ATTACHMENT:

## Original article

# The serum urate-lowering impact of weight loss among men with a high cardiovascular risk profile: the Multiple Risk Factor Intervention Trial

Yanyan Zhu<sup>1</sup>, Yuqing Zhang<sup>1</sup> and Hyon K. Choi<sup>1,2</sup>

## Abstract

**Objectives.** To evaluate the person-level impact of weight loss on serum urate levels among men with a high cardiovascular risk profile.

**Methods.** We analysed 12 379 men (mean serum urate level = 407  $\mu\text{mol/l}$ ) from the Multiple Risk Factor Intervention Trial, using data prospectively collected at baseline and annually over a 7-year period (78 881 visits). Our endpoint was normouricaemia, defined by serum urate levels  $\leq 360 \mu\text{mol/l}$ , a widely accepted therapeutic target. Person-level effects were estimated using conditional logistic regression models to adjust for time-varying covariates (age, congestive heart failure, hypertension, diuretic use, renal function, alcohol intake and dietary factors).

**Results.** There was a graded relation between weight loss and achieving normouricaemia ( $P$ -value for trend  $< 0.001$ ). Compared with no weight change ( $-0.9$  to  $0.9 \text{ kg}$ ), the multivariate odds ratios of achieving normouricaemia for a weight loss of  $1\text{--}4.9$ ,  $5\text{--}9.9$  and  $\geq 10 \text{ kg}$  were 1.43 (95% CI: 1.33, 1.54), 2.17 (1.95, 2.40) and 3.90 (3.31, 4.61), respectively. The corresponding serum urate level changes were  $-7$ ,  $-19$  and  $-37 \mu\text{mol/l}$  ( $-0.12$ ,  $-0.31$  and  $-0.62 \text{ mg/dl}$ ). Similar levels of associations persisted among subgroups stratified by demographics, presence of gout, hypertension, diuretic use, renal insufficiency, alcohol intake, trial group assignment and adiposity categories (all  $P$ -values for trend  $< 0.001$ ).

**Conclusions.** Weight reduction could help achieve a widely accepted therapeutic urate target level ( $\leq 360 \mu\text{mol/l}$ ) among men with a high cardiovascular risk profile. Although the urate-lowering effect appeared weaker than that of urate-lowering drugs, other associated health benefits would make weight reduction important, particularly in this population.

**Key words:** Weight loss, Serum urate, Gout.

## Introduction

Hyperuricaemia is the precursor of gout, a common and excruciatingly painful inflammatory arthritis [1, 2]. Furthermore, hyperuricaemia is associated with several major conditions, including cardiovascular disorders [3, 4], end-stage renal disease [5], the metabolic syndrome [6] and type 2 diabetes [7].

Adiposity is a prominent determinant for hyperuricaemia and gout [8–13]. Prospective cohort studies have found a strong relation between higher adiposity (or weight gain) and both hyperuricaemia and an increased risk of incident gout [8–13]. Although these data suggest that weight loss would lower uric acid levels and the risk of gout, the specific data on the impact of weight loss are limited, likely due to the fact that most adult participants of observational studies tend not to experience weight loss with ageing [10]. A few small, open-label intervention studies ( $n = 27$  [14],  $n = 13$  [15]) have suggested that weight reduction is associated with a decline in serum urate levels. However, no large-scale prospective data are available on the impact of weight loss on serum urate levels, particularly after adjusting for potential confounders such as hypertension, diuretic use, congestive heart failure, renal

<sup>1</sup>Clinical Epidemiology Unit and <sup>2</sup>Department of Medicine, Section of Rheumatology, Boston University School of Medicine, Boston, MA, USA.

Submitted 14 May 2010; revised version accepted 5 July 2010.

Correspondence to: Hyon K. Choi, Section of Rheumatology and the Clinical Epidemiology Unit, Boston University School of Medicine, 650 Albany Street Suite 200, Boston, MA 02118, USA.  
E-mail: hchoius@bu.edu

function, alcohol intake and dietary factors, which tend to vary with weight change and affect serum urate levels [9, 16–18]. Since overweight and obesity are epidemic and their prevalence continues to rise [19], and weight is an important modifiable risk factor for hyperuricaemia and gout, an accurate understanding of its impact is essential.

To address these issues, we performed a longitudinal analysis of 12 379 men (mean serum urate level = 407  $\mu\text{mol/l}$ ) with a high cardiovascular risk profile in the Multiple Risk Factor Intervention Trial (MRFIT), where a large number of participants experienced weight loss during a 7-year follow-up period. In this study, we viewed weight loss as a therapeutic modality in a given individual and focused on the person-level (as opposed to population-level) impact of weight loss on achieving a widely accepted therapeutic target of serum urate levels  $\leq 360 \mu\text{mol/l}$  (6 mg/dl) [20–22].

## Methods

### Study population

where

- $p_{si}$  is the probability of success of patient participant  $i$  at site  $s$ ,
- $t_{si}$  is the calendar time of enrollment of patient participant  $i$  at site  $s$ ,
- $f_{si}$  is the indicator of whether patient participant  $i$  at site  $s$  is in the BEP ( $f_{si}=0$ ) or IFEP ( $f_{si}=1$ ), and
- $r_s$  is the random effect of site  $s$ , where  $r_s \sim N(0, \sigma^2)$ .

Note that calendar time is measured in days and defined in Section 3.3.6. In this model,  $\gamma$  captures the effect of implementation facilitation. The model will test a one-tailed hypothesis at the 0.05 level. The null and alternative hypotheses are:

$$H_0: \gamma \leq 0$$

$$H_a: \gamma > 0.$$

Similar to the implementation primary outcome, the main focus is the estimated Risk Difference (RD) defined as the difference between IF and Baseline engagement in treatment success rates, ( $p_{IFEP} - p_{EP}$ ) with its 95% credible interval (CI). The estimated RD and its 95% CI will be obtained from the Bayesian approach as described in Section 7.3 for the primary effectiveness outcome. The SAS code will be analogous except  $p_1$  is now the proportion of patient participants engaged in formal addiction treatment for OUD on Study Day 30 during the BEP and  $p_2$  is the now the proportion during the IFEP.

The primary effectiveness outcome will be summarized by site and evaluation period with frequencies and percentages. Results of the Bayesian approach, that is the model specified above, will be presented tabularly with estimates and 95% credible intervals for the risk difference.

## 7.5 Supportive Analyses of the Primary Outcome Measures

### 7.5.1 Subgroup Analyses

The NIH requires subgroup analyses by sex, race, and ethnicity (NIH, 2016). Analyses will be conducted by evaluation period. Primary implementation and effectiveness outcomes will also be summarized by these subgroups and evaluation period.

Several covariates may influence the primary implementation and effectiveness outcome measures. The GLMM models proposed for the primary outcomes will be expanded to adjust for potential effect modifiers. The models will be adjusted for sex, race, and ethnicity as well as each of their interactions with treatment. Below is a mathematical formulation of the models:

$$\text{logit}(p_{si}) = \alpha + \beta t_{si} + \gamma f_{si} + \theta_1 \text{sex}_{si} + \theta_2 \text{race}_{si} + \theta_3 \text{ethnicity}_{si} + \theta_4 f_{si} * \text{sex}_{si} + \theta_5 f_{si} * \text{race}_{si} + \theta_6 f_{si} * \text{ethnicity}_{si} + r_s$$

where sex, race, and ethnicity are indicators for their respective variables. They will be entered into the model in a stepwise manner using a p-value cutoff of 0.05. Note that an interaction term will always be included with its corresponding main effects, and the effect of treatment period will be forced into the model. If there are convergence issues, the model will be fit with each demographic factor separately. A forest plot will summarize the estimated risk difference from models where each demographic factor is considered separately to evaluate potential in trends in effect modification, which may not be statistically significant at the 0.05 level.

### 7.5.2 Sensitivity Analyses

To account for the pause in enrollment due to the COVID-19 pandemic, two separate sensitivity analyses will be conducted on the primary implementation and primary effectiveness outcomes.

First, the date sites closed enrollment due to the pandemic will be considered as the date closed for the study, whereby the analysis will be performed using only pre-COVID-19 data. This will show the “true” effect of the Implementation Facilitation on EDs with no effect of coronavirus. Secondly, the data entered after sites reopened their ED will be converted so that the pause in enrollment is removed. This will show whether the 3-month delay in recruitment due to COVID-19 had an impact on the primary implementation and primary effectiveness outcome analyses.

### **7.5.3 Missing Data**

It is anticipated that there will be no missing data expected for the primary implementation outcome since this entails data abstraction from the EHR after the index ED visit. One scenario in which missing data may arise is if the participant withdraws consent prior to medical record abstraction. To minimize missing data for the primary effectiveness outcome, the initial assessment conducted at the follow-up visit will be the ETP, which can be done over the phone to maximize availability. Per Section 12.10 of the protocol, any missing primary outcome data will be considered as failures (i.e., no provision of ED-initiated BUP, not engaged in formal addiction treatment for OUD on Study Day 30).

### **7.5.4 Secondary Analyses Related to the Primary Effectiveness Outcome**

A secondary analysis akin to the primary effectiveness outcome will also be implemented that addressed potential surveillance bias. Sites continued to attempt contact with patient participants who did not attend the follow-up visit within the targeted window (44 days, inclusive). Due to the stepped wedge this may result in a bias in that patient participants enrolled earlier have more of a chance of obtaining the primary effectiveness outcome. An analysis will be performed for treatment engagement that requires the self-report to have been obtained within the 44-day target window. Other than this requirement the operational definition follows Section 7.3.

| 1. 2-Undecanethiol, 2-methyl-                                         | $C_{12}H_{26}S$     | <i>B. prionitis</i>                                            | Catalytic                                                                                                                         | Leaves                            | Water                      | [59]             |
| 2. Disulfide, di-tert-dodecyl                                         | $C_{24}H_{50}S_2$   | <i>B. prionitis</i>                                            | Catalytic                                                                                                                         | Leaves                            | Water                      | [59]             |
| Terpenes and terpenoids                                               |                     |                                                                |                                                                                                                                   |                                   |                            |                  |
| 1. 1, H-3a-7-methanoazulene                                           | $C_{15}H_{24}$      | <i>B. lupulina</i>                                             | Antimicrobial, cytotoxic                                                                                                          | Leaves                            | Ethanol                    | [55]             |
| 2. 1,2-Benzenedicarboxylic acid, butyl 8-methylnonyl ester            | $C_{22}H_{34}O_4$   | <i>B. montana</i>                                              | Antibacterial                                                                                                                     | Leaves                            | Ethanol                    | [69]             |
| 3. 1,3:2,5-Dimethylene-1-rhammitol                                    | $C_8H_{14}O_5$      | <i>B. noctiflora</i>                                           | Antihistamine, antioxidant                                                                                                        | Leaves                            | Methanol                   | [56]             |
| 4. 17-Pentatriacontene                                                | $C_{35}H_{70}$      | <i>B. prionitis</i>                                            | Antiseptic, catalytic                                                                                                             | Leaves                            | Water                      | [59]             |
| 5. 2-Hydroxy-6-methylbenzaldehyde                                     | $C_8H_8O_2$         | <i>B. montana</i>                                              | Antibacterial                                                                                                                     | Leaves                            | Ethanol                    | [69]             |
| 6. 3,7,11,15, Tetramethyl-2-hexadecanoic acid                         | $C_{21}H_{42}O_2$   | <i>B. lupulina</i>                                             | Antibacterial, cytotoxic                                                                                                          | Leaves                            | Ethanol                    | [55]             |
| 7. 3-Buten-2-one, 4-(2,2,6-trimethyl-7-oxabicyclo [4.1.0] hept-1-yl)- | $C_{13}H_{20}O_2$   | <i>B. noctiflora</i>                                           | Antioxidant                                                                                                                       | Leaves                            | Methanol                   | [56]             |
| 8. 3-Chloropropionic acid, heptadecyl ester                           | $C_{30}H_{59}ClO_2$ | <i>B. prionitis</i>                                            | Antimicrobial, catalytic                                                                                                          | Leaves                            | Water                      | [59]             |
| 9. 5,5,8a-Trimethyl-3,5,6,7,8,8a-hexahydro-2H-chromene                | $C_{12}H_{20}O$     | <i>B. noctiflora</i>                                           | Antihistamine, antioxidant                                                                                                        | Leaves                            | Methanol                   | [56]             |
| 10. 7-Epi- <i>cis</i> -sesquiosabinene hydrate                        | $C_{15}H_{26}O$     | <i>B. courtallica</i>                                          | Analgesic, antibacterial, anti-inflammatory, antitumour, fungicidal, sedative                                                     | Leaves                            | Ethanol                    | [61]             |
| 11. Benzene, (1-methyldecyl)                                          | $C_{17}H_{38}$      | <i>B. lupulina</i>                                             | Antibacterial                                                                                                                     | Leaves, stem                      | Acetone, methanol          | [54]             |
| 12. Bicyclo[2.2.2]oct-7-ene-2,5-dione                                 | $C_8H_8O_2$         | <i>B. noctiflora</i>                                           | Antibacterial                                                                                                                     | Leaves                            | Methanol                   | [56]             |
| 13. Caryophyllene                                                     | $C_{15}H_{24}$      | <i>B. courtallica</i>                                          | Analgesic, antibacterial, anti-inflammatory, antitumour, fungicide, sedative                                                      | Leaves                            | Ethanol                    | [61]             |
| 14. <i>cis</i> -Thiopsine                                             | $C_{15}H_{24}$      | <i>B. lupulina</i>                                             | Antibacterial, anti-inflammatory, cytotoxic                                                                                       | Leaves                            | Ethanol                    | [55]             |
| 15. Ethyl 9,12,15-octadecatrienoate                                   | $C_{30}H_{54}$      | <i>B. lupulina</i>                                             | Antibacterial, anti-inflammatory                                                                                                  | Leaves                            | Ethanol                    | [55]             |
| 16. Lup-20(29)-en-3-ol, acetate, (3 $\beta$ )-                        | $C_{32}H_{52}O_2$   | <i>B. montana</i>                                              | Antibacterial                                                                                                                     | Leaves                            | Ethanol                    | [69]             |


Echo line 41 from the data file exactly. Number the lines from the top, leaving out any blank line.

It is anticipated that there will be no missing data expected for the primary implementation outcome since this entails data abstraction from the EHR after the index ED visit. One scenario in which missing data may arise is if the participant withdraws consent prior to medical record abstraction. To minimize missing data for the primary effectiveness outcome, the initial assessment conducted at the follow-up visit will be the ETP, which can be done over the phone to maximize availability. Per Section 12.10 of the protocol, any missing primary outcome data will be considered as failures (i.e., no provision of ED-initiated BUP, not engaged in formal addiction treatment for OUD on Study Day 30).